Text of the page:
* The primary aim is not to build killer decks. This doesn't mean you can't do so, only that I won't care about that aspect.
* If I suspect your game may be faked, I will automatically remove it from contention. Possibly some of you are wondering who would be sad enough to fake a game for this sort of thing. Thing is, it's less effort than participating properly. (This is why MWS and Apprentice game submissions are at a slight disadvantage, because they might be quite genuine but still look like you made 'em up in rare cases.)

The Results
Once all phases are complete, I'll compile everything into a followup article. Hopefully this will consist of a tasty blend of gameplay reports, original fiction, and other cool stuff. If so, I can then talk about how episode two is going to work.

Of course it may all go horribly wrong. In that case you can look forward to a sulky rant about what a useless bunch of sadsacks the internet Magic community is. And then I'll be forced to fall back on speculating about Christ's cycle shorts.

Not only am I not a lawyer, but even if I were I'd probably be wary of trying to word a proper disclaimer for a project like this. Suffice to say that the spirit of the way it works is something like this: By submitting anything at all to the competition you automatically grant indefinite permission for MTGSalvation to publish any or all of it. Also note that Magic: the Gathering and its associated characters, images and blah blah blah are copyright Wizards of the Coast.

An Example
Just for fun, a quick example.

Raging Keith decides to build a deck involving Fifth Dawn's Etched Oracle together with Ravnica's Chorus of the Conclave and the new Graft mechanic. He trades for a few of the Dissension cards he likes and ends up with the following deck:

A Meeting of OraclesMagic OnlineOCTGN2ApprenticeBuy These Cards
Creatures (28)
4 Birds of Paradise
4 Coiling Oracle
3 Simic Guildmage
4 Civic Wayfinder
2 Vigean Graftmage
4 Sporeback Troll
4 Etched Oracle
3 Chorus of the Conclave

Spells (7)
4 Compulsive Research
3 Predatory Focus

Land (25)
8 Forest
7 Island
3 Plains
1 Mountain
1 Swamp
4 Selesnya Sanctuary
2 Simic Growth Chamber

His opponent, Errol, goes for a more subtle strategy. He adds Michiko Konda, Truth Seeker to an Azorius/Orzhov control deck with a view to locking down the board. This is his build:

A Truth Seeker in RavnicaMagic OnlineOCTGN2ApprenticeBuy These Cards
Creatures (21)
4 Lurking Informant
4 Stinkweed Imp
4 Minister of Impediments
4 Dimir House-Guard
4 Michiko Konda, Truth Seeker
1 Angel of Despair

Spells (15)
4 Repeal
2 Master Warcraft
3 Strands of Undeath
3 Pillory of the Sleepless
2 Ribbons of Night
1 Clutch of the Undercity

Land (24)
7 Island
5 Swamp
2 Plains
2 Orzhov Basilica
2 Azorius Chancery
4 Watery Grave
2 Godless Shrine

I've made the soap-eating
wombat joke, so you don't
have to.
The first game between the two decks resulted in nothing very interesting. Errol's deck had too few answers as Raging Keith accelerated its mana, dropped Chorus of the Conclave, then did a lot of attacking. The second game was better, but still not ideal. Lurking Informant began to cause trouble for Keith on turn 4 and Michiko made him wary of attacking. A pair of Dimir House-Guards eventually did him in.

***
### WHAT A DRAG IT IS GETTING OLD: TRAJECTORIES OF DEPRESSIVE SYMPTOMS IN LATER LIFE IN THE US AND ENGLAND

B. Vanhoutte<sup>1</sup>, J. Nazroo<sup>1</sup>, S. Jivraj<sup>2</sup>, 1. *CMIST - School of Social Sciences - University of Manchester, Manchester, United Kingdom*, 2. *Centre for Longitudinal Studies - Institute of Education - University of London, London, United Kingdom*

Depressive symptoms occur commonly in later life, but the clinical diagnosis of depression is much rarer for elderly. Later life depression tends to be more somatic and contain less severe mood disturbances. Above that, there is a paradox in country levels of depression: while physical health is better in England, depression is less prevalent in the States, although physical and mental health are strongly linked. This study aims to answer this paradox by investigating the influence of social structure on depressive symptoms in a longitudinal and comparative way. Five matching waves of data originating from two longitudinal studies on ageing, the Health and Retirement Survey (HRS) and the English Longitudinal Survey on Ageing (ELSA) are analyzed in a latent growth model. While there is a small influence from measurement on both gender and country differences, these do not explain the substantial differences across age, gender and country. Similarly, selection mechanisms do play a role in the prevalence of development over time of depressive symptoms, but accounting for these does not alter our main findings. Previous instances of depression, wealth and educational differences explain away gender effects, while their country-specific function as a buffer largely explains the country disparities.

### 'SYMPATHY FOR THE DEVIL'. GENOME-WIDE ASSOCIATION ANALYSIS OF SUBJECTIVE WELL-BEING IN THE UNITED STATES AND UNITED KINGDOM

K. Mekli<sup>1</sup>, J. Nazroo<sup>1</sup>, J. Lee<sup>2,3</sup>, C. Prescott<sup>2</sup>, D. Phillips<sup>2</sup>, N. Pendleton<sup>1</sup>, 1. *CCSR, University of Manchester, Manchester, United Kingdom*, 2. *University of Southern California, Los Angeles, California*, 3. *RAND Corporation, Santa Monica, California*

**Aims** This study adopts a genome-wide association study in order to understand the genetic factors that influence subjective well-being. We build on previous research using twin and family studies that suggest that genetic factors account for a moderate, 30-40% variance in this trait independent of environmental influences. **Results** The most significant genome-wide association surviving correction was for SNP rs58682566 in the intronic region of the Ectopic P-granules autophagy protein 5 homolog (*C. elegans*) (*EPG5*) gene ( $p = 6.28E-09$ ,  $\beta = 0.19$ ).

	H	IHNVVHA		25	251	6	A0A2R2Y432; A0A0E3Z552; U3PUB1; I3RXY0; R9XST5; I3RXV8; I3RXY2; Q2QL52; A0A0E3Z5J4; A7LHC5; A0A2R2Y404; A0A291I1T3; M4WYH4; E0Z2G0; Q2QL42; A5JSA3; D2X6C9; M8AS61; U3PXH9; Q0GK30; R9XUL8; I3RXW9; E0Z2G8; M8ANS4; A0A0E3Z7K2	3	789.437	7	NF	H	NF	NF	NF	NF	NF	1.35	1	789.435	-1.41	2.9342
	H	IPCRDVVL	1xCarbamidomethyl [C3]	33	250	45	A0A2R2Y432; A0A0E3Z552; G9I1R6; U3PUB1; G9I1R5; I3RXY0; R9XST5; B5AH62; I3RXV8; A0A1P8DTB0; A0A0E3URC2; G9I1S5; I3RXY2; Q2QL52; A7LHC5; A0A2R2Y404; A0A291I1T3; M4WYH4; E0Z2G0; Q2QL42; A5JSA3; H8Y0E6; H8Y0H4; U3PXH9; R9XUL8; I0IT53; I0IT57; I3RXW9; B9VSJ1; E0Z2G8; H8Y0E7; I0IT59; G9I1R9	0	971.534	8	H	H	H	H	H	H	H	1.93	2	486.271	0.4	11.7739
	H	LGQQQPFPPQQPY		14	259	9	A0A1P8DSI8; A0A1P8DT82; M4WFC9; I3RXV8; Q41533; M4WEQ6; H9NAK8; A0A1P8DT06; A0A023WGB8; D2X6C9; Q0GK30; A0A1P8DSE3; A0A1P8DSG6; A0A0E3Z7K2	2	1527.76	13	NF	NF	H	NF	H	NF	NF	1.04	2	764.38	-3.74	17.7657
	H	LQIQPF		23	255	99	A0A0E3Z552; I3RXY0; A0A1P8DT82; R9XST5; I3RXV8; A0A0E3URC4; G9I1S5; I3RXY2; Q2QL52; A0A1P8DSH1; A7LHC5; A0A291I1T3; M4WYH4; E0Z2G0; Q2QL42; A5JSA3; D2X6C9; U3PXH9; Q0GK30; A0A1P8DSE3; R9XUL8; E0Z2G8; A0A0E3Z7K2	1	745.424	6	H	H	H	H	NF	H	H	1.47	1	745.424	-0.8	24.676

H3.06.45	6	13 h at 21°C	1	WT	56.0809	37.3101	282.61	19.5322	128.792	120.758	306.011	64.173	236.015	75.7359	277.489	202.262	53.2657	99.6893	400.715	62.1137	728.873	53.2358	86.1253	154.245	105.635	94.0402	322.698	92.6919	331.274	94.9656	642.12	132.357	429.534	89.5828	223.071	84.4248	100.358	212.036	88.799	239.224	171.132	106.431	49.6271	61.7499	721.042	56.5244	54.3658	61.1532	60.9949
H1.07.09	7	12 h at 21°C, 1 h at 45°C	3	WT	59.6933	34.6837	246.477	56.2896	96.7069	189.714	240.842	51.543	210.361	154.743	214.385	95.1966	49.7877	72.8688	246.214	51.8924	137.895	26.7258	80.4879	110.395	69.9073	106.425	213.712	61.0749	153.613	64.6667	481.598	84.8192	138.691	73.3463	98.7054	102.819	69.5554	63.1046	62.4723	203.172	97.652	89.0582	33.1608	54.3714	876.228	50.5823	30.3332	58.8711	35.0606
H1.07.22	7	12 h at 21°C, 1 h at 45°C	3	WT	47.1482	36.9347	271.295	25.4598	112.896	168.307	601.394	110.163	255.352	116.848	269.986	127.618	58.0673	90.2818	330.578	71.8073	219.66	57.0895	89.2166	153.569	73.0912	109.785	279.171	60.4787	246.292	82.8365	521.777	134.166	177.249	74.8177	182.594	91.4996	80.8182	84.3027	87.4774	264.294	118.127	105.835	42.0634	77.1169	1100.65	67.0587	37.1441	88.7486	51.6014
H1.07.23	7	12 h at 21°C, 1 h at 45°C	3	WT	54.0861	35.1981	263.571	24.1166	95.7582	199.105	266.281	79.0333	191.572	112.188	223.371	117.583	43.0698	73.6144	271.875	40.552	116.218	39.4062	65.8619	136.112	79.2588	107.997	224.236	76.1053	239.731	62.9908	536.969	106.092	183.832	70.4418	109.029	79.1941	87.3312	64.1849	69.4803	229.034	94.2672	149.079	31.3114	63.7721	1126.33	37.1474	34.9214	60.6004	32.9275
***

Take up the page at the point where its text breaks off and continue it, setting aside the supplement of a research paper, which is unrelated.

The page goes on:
Game three finally did interesting things. Again Raging Keith accelerated to a relatively early Chorus of the Conclave, but this time Master Warcraft forced it to meet an untimely end at the hands of Stinkweed Imp before it could achieve anything. A House-Guard transmuted into Michiko and she was quickly wrapped in Strands of Undeath which both knocked Keith down to one card and gave her some protection. Keith finally found an Etched Oracle and began to build up an army, preparing to Predatory Focus for the win. He finally went for the alpha strike, but a second Master Warcraft meant his Predatory Focus was wasted. Errol began to get through for occasional points of damage. Keith then played a second Chorus of the Conclave and began to attack very aggressively, sacrificing lands and Coiled Oracles to Michiko's triggers. Having run out of bounce, Errol reluctantly Pilloried a huge Etched Oracle. Finally Errol was two turns away from a win... or so he thought. He gained just enough life from Ribbons that if Keith cast another Focus and attacked with everything which didn't get tapped down, Errol would survive on two life. Keith topdecked Simic Guildmage, moved the Pillory onto it from the Etched Oracle, then cast Predatory Focus to attack for the win!

Having noted down all relevant information, the players added some commentary on what they felt were interesting points of the game. First, the use of Strands of Undeath on Michiko Konda seemed interesting from a flavour perspective. Second, the presence of two kinds of Oracles in Keith's deck seemed atmospheric. Third, the concept of the biomantically enhanced mechanical Oracle trapped in the Pillory before eventually being freed to cause devastation seemed very cool.

I'll spare you my attempts to write fiction based on this, but hopefully it's clear there's some decent material there.

"You have to admit," I said to the cat, "this is a great way to get people to send me email."

"Doubt it," the cat snorted, "you'll be lucky to get more than one submission. Even Wizards' own site don't get many entries to contests. How else d'you think you won two of them in the space of a year?"

"This is different," I stuck my tongue out at the cat, "Salvation is a community site. It's all about participation."

"Are you a betting man?"

"Yup," I confirmed warily.

"Ten cans of tuna says you're wrong!"

"Oh no," I shook my head, "to start with you won't be able to pay when you lose. Plus there's the fact I don't have much use for a pile of tuna. I propose much higher stakes: the loser's photograph appears in the next article."

"Seriously?!" my cat looked shocked. But it would lose face if it backed down now. And let me tell you something about cats: they hate to lose face.

You've got two weeks to get your entries in. I'm off to dig out some embarassing photos of my cat...